“Passengers” could have been one of the movie events of the year. Director Morten Tyldum follows-up his inspiring, “The Imitation Game” with two of the industry’s biggest stars – Jennifer Lawrence and Chris Pratt – in a sci-fi action/thriller that’s essentially “Titanic in Space”. But, much like that doomed vessel, nearly everything that could go wrong with this film does.
The concept had potential: Pratt’s Jim Preston (conveniently a high-tech mechanic), is among 5,000 passengers aboard an aircraft traveling from Earth to a distant planet to start a new life. A collision with a meteor causes the ship to malfunction and Jim’s pod to open.
The problem is he wake-up 90 years too soon on this 120-year voyage. For the first half an hour of “Passengers” we watch as Jim first tries to figure-out how to get back to sleep – and then dealing with the knowledge that he’ll die alone before the ship reaches its destination. Oh, he does have one companion – a predictably wise android bartender named Arthur (played by Michael Sheen).
But then along comes Lawrence’s Aurora, no longer is a “sleeping beauty”. Once this Eve joins Adam – well, you can figure out what’s gonna happen next, though they’re not exactly a match made in heaven.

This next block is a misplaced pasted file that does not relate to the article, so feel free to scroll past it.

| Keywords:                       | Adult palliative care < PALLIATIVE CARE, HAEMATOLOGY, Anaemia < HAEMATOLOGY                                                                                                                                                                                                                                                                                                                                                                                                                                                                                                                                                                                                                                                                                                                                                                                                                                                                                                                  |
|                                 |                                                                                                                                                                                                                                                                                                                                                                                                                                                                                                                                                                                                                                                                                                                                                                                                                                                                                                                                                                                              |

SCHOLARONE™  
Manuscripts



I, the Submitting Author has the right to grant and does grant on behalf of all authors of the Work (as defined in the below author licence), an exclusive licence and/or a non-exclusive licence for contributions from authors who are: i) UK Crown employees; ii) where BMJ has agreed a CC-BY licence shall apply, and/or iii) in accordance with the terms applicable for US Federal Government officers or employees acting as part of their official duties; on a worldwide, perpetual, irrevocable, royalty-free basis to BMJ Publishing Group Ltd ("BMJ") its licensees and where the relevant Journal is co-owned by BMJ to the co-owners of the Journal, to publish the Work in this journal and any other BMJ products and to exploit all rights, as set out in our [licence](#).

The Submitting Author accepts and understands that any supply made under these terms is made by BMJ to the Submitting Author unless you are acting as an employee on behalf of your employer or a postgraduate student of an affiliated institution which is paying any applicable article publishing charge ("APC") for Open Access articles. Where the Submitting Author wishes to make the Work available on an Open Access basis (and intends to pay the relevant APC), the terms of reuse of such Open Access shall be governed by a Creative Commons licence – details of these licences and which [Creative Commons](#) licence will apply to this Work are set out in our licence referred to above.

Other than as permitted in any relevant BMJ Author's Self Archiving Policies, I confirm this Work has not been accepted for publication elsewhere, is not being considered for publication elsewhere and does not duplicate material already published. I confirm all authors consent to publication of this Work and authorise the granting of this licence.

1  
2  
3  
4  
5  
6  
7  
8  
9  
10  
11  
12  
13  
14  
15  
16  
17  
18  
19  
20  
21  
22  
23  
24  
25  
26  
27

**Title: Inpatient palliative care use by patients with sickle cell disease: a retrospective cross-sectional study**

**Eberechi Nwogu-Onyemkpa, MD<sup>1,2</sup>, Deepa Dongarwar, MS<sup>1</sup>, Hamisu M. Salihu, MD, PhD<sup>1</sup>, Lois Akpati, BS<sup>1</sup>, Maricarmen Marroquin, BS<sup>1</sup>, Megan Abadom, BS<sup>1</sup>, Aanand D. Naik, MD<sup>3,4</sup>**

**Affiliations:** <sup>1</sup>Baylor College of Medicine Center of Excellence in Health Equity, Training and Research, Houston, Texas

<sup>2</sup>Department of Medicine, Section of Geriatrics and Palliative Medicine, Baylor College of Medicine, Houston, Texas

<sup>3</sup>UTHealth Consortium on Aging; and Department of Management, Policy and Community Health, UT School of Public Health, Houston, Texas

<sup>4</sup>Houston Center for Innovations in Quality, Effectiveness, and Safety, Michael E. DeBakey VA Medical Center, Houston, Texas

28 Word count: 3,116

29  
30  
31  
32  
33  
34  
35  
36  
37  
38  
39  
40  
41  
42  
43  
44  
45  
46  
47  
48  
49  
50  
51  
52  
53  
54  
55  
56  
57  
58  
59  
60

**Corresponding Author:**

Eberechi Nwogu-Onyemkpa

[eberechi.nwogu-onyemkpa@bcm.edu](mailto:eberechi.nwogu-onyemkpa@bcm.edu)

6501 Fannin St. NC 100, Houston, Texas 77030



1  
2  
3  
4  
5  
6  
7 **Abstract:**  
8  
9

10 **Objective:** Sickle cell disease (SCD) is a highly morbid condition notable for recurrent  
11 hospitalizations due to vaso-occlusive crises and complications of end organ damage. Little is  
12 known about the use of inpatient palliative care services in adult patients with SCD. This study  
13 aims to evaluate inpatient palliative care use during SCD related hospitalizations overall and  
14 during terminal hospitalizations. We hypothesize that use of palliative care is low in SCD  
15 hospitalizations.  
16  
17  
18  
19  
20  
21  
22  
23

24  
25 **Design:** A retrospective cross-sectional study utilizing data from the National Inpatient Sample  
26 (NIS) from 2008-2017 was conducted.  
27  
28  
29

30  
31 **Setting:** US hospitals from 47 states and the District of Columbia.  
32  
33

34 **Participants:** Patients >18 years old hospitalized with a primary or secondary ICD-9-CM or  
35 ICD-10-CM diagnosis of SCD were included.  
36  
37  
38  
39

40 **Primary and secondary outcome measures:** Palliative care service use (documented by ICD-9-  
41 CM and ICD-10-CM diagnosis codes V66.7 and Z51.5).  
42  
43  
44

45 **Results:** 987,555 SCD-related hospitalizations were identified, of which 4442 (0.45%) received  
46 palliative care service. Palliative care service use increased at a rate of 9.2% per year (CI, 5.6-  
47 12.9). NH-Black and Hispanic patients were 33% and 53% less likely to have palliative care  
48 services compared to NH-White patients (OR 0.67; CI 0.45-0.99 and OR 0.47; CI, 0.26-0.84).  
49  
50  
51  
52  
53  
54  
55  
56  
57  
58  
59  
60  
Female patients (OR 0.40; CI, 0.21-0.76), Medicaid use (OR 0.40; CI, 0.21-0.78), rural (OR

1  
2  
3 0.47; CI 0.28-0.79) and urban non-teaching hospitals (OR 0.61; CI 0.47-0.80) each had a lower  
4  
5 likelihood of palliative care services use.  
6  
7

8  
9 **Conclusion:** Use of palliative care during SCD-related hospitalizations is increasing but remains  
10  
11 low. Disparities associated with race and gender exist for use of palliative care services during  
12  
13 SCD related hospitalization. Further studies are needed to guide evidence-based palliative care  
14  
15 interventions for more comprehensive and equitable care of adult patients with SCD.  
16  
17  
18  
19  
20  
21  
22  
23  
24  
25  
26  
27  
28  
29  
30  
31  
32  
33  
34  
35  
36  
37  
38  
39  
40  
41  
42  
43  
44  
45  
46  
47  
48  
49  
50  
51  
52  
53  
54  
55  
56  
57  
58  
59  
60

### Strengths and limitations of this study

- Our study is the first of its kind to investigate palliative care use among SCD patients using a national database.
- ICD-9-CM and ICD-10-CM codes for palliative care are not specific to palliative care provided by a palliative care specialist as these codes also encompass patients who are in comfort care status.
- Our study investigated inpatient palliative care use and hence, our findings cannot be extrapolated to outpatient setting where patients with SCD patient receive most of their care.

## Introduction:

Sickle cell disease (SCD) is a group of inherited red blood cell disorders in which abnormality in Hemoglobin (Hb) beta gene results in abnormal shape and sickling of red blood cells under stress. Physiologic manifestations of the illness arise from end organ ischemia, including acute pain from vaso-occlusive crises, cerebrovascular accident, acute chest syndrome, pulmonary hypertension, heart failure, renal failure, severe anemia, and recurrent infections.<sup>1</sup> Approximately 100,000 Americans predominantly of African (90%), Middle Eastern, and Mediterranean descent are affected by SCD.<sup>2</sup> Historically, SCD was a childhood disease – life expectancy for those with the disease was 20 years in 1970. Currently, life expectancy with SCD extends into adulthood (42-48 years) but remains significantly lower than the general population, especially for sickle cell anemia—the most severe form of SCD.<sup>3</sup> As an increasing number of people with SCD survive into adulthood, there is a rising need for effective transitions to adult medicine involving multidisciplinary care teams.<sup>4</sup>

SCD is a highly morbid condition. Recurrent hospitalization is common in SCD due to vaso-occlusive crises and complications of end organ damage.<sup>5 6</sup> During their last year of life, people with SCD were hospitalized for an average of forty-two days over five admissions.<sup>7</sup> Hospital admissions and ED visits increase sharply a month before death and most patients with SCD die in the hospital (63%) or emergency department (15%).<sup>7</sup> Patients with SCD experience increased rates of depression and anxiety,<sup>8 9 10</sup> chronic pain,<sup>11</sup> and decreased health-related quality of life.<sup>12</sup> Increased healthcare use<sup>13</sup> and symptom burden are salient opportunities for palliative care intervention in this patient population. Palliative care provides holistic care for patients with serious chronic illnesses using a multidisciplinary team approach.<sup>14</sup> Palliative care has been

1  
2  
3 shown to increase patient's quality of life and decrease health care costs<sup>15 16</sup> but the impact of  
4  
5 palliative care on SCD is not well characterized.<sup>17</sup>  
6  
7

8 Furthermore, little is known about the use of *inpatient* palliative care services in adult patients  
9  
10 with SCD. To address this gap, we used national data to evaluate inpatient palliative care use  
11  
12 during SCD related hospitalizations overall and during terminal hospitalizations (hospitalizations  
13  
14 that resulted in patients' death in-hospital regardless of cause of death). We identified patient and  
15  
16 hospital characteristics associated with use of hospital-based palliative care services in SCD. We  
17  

While you want to go on this ride because of the leads and in hopes that something, ANYTHING, interesting and surprising is going to happen, it soon become a lost cause. Every element of the plot is dragged out, as Tyldum never settles into a comfortable rhythm. There’s action, romance, and a few twists, but the tone is so subdued throughout that nothing ever feels important enough to care about.
And the casting a major issue as well. In a film with two main leads (and little else) the actors have to be captivating as stand-alone performers. Pratt doesn’t fit that bill – he’s much better leading an ensemble – and he and Lawrence do not have anything close to on-screen chemistry. And JLaw is simply provided as eye-candy, displayed in scene after scene in skimpy workout clothes, bathing suits and lingerie.
Tyldum makes some awful story choices (including a disaster of a climax). Aside from one unique gravity/water sequence, “Passengers” has nothing fresh to add to the overpopulated interstellar travel genre.
Warning: Do not take this ride, unless you want to go down with the ship. On The Official LCJ Report Card, “Passengers” gets a D+.
Running Time: 116 min.